The flash back stops here and we are returned to Ahmad’s present times. One of the servants tells Ahmad that the princess he is seeking is ill at their palace. He asks to see her and at that moment she recovers from her illness. The servant ushers Ahmad out of the palace while the princess gets kidnaped by Jaafar. Eventually the princess surrenders to Jaafar’s will to embrace her when she finds out from Jaafar that this is the only way to heal Ahmad her love. At that point Abu is spared from the spell and returns to his human form and Ahmad’s sight is restored. However upon pursuing the princess at sea Jaafar summons a mighty sea gale by his magical powers accompanied by a thunderstorm and very soon the storm tears their unity apart. Abu gets stranded on a beach in a remote area and Ahmad finds himself in a foreign land.

Abu passes many obstacles before uniting with Ahmed. With the help of a genie whom he releases from a small bottle he travels to a far away land and snatches a magical crystal ball to see where his friend is. He then asks the genie to unite him with his friend, but a sudden brawl parts them again sending Ahmad back to Baghdad. Afterwards fate brings Abu to the throne of an enchanted land where the leader grants him a flying rug to Baghdad. There he finds Ahmad in the proper time before his execution. There they overcome their powerful adversary and Ahmad finds his way back to his rightful throne and gets reunited with his love.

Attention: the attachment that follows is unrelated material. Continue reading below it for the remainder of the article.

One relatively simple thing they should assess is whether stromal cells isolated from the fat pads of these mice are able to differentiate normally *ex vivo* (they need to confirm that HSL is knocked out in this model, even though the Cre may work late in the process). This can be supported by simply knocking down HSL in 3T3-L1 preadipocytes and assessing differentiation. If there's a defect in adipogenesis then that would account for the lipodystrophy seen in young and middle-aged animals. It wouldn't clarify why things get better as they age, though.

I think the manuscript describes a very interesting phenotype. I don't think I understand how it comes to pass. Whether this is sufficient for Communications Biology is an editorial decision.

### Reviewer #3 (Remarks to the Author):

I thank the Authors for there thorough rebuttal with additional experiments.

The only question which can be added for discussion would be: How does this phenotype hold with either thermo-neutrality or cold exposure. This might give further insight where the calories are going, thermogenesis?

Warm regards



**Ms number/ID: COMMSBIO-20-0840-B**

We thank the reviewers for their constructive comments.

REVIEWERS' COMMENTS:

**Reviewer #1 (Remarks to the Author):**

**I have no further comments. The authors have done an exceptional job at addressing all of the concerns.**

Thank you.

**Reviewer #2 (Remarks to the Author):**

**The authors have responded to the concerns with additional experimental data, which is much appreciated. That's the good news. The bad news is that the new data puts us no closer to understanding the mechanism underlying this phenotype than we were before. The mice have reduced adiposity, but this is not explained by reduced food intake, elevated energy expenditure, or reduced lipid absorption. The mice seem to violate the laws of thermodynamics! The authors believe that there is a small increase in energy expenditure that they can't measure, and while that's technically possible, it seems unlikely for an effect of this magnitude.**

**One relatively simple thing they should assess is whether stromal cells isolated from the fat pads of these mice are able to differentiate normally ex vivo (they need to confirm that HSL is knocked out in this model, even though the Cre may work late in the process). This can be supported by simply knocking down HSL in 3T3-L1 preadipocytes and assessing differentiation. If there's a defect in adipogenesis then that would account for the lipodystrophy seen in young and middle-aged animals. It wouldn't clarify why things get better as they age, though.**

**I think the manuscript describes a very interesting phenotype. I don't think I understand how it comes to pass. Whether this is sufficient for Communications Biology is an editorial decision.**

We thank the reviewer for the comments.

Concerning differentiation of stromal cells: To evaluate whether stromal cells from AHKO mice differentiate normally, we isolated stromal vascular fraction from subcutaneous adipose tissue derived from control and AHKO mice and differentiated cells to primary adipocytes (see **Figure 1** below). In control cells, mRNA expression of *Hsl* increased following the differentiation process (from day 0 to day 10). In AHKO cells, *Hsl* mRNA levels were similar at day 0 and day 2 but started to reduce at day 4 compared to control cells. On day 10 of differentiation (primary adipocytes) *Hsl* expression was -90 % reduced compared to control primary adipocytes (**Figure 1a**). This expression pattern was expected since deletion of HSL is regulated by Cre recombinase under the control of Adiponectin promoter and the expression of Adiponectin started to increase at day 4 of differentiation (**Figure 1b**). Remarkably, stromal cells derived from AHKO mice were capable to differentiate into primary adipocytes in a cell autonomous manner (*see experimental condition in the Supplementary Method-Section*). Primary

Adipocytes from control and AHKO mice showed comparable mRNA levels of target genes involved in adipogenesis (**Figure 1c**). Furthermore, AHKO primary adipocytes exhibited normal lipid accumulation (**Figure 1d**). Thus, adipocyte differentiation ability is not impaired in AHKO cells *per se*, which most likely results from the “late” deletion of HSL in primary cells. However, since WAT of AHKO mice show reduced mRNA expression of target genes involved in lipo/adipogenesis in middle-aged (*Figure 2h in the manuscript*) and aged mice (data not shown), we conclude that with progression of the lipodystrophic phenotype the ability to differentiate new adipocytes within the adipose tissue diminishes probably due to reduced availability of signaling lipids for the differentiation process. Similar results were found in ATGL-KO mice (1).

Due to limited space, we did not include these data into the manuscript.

This film was the produce of a big team of directors and producers. The reference books accredited Alexander Korda as the director and member of the directing team. The rest of the directors are Michael Powell, Ludwig Berger, Tim Whelan, Zoltan Korda, and William Cameron Menzies. The screen play was written by Miles Malleson. The film was produced by London Films and distributed by United Artists UK/USA. The film starred Conrad Veidt, Sabu, John Justin, June Duprez, and Rex Ingram. Being a very old production any drama criticism for it would be useless and purposeless. But for the sake of professional ethics I had a couple of points that I hope will help drama pioneers pay more attention to facts rather than Hollywood-ising or stereotyping some details. The clothes of the sailors were by far totally different from what was worn by the actual Arabian sailors. Shorts that seemed like long cloths that only covered the waist of the sailors were definitely not an option for sailing back then. The name Abu which was the name of Ahmad’s friend is only the first word of a compounded very common nickname used to call the male parent in any Arabian family. Abu is usually connected with the name of the first born in any Arabian family. What was also noticeable was that the princess doesn’t have a name in the production. Even the references on the internet render her nameless. It would have been a powerful asset for such a big production if the heroine had a clear name. However compared to even the Later cartoon Alladin by Disney and later similar productions in Hollywood and Even the Middle East this movie towers as a hulk due to the special effects that were created especially for the film. They were done so professionally that they served their purpose really well. The miniature cities done to make the genie tower in height were convincing and the scenes were Abu interacted with the giant were very thrilling and beautifully designed. This is a cinema worthy of respect. Korda set out to a movie fantasy from the wildest depths of imagination and story telling and did an excellent job at it. This is why he gained the respect of the audiences for many generation after. No wonder this movie is still well respected by the biggest cinema figures and institution in the USA and world wide.